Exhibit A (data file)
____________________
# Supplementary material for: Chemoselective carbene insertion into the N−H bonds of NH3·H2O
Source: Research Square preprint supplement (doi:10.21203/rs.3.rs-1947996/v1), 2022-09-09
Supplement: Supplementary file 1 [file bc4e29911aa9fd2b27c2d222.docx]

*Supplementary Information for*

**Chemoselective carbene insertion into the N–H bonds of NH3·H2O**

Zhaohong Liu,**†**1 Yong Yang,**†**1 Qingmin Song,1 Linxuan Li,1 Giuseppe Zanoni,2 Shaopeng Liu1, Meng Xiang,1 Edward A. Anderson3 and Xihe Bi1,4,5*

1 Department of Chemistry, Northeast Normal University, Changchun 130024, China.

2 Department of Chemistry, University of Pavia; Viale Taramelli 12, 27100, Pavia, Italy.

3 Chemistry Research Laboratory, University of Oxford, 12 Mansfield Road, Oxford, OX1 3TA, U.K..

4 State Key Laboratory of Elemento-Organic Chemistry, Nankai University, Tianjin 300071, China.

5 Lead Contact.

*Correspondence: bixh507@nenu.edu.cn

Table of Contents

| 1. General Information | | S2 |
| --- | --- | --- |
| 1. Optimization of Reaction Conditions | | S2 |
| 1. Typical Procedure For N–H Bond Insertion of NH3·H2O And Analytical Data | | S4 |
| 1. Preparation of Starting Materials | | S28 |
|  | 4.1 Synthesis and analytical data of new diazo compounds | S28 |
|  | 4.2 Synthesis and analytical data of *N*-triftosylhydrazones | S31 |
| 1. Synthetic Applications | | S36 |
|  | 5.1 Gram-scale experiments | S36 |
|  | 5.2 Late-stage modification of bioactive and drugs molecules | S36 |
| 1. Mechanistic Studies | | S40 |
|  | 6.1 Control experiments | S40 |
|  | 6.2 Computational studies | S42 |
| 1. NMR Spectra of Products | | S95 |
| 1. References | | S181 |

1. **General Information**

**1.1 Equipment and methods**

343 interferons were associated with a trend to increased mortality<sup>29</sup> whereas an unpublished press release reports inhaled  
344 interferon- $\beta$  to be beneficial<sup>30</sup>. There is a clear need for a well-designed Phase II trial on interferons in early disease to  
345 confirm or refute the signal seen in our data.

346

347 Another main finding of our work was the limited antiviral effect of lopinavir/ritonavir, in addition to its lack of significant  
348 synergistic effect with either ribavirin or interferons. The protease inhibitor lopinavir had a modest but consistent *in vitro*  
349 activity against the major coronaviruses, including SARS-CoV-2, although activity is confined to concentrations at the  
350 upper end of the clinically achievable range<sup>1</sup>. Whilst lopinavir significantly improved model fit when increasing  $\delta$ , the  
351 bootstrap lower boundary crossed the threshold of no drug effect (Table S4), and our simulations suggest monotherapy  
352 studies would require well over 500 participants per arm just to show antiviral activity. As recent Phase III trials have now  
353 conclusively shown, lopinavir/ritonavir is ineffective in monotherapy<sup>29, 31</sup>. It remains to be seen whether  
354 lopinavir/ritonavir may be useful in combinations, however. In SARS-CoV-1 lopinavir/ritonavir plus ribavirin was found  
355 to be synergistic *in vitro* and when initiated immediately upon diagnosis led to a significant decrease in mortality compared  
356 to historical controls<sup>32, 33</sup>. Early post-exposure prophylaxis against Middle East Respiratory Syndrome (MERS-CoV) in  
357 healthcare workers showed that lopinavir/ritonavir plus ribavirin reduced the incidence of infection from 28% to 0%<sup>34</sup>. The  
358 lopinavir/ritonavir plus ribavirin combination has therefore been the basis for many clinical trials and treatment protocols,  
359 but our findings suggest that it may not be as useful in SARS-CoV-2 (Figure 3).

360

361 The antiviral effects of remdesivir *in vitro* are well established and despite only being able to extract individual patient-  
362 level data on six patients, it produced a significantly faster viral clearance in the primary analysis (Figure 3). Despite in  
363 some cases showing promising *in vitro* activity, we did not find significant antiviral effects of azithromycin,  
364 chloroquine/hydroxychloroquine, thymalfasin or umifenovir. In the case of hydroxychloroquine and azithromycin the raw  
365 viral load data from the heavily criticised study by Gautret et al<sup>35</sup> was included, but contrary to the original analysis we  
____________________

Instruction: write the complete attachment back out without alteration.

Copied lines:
# Supplementary material for: Chemoselective carbene insertion into the N−H bonds of NH3·H2O
Source: Research Square preprint supplement (doi:10.21203/rs.3.rs-1947996/v1), 2022-09-09
Supplement: Supplementary file 1 [file bc4e29911aa9fd2b27c2d222.docx]

*Supplementary Information for*

**Chemoselective carbene insertion into the N–H bonds of NH3·H2O**

Zhaohong Liu,**†**1 Yong Yang,**†**1 Qingmin Song,1 Linxuan Li,1 Giuseppe Zanoni,2 Shaopeng Liu1, Meng Xiang,1 Edward A. Anderson3 and Xihe Bi1,4,5*

1 Department of Chemistry, Northeast Normal University, Changchun 130024, China.

2 Department of Chemistry, University of Pavia; Viale Taramelli 12, 27100, Pavia, Italy.

3 Chemistry Research Laboratory, University of Oxford, 12 Mansfield Road, Oxford, OX1 3TA, U.K..

4 State Key Laboratory of Elemento-Organic Chemistry, Nankai University, Tianjin 300071, China.

5 Lead Contact.

*Correspondence: bixh507@nenu.edu.cn

Table of Contents

| 1. General Information | | S2 |
| --- | --- | --- |
| 1. Optimization of Reaction Conditions | | S2 |
| 1. Typical Procedure For N–H Bond Insertion of NH3·H2O And Analytical Data | | S4 |
| 1. Preparation of Starting Materials | | S28 |
|  | 4.1 Synthesis and analytical data of new diazo compounds | S28 |
|  | 4.2 Synthesis and analytical data of *N*-triftosylhydrazones | S31 |
| 1. Synthetic Applications | | S36 |
|  | 5.1 Gram-scale experiments | S36 |
|  | 5.2 Late-stage modification of bioactive and drugs molecules | S36 |
| 1. Mechanistic Studies | | S40 |
|  | 6.1 Control experiments | S40 |
|  | 6.2 Computational studies | S42 |
| 1. NMR Spectra of Products | | S95 |
| 1. References | | S181 |

1. **General Information**

**1.1 Equipment and methods**

343 interferons were associated with a trend to increased mortality<sup>29</sup> whereas an unpublished press release reports inhaled  
344 interferon- $\beta$  to be beneficial<sup>30</sup>. There is a clear need for a well-designed Phase II trial on interferons in early disease to  
345 confirm or refute the signal seen in our data.

346

347 Another main finding of our work was the limited antiviral effect of lopinavir/ritonavir, in addition to its lack of significant  
348 synergistic effect with either ribavirin or interferons. The protease inhibitor lopinavir had a modest but consistent *in vitro*  
349 activity against the major coronaviruses, including SARS-CoV-2, although activity is confined to concentrations at the  
350 upper end of the clinically achievable range<sup>1</sup>. Whilst lopinavir significantly improved model fit when increasing  $\delta$ , the  
351 bootstrap lower boundary crossed the threshold of no drug effect (Table S4), and our simulations suggest monotherapy  
352 studies would require well over 500 participants per arm just to show antiviral activity. As recent Phase III trials have now  
353 conclusively shown, lopinavir/ritonavir is ineffective in monotherapy<sup>29, 31</sup>. It remains to be seen whether  
354 lopinavir/ritonavir may be useful in combinations, however. In SARS-CoV-1 lopinavir/ritonavir plus ribavirin was found  
355 to be synergistic *in vitro* and when initiated immediately upon diagnosis led to a significant decrease in mortality compared  
356 to historical controls<sup>32, 33</sup>. Early post-exposure prophylaxis against Middle East Respiratory Syndrome (MERS-CoV) in  
357 healthcare workers showed that lopinavir/ritonavir plus ribavirin reduced the incidence of infection from 28% to 0%<sup>34</sup>. The  
358 lopinavir/ritonavir plus ribavirin combination has therefore been the basis for many clinical trials and treatment protocols,  
359 but our findings suggest that it may not be as useful in SARS-CoV-2 (Figure 3).

360

361 The antiviral effects of remdesivir *in vitro* are well established and despite only being able to extract individual patient-  
362 level data on six patients, it produced a significantly faster viral clearance in the primary analysis (Figure 3). Despite in  
363 some cases showing promising *in vitro* activity, we did not find significant antiviral effects of azithromycin,  
364 chloroquine/hydroxychloroquine, thymalfasin or umifenovir. In the case of hydroxychloroquine and azithromycin the raw  
365 viral load data from the heavily criticised study by Gautret et al<sup>35</sup> was included, but contrary to the original analysis we  